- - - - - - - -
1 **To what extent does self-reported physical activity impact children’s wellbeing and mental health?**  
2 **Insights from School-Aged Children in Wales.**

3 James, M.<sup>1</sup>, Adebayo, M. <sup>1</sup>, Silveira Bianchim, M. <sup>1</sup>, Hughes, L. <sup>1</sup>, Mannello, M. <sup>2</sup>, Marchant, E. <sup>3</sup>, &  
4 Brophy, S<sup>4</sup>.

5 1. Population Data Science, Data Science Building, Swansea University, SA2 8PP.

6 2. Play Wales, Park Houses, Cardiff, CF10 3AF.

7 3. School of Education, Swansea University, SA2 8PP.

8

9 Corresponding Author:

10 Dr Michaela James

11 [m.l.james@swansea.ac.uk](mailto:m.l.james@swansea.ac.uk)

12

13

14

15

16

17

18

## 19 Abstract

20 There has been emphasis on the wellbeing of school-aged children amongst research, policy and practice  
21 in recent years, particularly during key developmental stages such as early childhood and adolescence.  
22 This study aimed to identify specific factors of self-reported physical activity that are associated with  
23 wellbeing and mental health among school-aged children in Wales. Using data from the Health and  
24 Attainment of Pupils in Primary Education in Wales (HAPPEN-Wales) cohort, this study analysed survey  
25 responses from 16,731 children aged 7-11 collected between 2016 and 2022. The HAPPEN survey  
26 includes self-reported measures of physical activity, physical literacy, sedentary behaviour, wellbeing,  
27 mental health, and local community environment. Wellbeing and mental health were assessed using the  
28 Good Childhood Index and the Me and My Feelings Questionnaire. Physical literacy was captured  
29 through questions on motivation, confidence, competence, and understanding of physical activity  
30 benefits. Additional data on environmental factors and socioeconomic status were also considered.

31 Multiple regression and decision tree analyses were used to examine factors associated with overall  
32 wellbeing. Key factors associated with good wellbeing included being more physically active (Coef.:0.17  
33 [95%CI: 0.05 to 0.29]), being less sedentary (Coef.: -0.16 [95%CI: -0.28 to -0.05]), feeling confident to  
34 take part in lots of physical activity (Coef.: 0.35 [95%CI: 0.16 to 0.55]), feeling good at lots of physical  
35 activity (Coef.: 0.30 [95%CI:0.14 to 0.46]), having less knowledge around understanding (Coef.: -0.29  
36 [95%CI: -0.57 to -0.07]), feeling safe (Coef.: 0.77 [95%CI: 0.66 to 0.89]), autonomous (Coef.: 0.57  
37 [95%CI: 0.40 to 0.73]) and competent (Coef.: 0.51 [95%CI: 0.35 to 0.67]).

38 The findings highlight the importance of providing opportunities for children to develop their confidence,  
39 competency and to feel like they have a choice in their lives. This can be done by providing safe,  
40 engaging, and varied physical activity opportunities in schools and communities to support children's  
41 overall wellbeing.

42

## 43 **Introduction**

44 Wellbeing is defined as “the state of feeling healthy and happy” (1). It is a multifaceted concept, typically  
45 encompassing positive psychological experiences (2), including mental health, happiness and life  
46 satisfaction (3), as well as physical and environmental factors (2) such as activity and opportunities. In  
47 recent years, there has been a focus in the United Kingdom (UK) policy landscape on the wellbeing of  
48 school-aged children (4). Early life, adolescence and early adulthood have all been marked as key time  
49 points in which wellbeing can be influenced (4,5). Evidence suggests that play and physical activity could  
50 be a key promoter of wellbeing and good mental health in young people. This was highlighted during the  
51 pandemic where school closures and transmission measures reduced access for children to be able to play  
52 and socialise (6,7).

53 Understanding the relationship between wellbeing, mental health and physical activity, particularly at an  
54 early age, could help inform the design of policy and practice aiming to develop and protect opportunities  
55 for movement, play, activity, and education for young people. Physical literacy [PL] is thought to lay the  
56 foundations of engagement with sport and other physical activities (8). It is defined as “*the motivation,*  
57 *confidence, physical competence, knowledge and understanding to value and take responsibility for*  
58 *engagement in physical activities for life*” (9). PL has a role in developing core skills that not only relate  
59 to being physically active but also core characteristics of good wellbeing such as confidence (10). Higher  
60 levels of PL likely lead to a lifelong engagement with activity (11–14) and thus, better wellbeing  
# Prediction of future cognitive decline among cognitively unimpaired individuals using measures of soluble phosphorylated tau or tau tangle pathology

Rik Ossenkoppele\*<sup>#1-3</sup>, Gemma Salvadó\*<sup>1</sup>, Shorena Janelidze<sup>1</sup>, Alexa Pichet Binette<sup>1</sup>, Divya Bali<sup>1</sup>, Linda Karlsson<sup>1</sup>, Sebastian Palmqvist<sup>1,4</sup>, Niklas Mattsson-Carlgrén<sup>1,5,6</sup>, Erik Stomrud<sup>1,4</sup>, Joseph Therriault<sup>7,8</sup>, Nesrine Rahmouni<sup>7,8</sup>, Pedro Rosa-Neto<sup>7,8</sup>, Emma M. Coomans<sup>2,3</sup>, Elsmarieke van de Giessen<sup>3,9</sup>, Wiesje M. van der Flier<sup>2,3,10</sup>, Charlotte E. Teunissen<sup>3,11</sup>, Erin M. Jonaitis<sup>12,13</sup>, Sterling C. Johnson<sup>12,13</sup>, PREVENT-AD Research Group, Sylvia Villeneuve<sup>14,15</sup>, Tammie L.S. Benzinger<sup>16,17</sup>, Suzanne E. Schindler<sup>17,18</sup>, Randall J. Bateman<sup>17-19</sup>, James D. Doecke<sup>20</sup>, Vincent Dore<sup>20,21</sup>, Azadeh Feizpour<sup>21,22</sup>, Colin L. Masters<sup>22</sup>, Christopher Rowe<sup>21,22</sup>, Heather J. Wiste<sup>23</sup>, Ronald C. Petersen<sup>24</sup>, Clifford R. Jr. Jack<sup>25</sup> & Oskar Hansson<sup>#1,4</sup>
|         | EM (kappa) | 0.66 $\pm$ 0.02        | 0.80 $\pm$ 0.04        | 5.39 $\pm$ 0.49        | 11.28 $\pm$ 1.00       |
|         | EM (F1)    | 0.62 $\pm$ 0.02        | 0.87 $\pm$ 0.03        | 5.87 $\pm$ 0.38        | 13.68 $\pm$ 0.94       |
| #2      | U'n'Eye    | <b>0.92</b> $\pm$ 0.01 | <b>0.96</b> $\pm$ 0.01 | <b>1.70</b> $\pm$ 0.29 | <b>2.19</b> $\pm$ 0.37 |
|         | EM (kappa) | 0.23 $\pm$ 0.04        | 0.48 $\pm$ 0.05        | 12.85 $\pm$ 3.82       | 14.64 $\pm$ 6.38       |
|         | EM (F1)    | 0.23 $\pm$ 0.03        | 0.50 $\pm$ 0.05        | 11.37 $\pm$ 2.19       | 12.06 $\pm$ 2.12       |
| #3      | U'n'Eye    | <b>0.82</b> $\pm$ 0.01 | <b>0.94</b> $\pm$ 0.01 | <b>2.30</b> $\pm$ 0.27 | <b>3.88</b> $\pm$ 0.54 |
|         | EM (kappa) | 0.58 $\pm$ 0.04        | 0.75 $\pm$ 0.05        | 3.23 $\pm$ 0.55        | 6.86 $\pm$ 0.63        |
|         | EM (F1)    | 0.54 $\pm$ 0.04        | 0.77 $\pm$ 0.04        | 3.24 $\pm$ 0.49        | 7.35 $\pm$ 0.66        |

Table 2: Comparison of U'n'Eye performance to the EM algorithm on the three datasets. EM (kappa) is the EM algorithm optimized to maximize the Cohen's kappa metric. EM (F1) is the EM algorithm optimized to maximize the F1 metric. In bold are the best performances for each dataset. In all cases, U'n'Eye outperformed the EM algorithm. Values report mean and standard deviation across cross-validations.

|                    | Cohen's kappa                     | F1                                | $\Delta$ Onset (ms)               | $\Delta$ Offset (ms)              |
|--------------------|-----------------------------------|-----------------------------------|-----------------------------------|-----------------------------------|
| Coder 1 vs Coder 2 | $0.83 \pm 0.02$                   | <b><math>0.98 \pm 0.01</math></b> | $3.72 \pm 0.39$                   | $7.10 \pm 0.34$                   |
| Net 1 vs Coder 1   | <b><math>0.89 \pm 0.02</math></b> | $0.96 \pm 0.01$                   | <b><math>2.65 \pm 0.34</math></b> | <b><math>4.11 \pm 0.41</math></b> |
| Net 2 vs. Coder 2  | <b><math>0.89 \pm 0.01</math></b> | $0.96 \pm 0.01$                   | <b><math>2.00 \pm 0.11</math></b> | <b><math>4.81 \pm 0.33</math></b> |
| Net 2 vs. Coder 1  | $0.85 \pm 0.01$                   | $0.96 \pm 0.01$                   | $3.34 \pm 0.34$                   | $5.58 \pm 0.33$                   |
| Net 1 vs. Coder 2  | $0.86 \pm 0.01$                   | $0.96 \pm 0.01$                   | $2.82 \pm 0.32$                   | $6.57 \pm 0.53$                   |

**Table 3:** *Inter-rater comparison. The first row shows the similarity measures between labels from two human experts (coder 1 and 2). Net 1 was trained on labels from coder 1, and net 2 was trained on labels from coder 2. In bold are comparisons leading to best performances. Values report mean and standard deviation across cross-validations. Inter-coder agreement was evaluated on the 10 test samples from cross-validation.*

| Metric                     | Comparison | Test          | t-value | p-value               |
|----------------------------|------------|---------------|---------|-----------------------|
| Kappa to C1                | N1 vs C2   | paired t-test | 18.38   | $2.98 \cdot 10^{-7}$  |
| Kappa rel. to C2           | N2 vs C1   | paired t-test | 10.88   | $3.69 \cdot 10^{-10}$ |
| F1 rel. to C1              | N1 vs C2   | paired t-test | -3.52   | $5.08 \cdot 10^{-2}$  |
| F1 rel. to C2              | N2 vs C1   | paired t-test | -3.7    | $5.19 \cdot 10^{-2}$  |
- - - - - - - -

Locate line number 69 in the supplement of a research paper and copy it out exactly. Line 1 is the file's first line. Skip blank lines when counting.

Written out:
|         | EM (kappa) | 0.58 $\pm$ 0.04        | 0.75 $\pm$ 0.05        | 3.23 $\pm$ 0.55        | 6.86 $\pm$ 0.63        |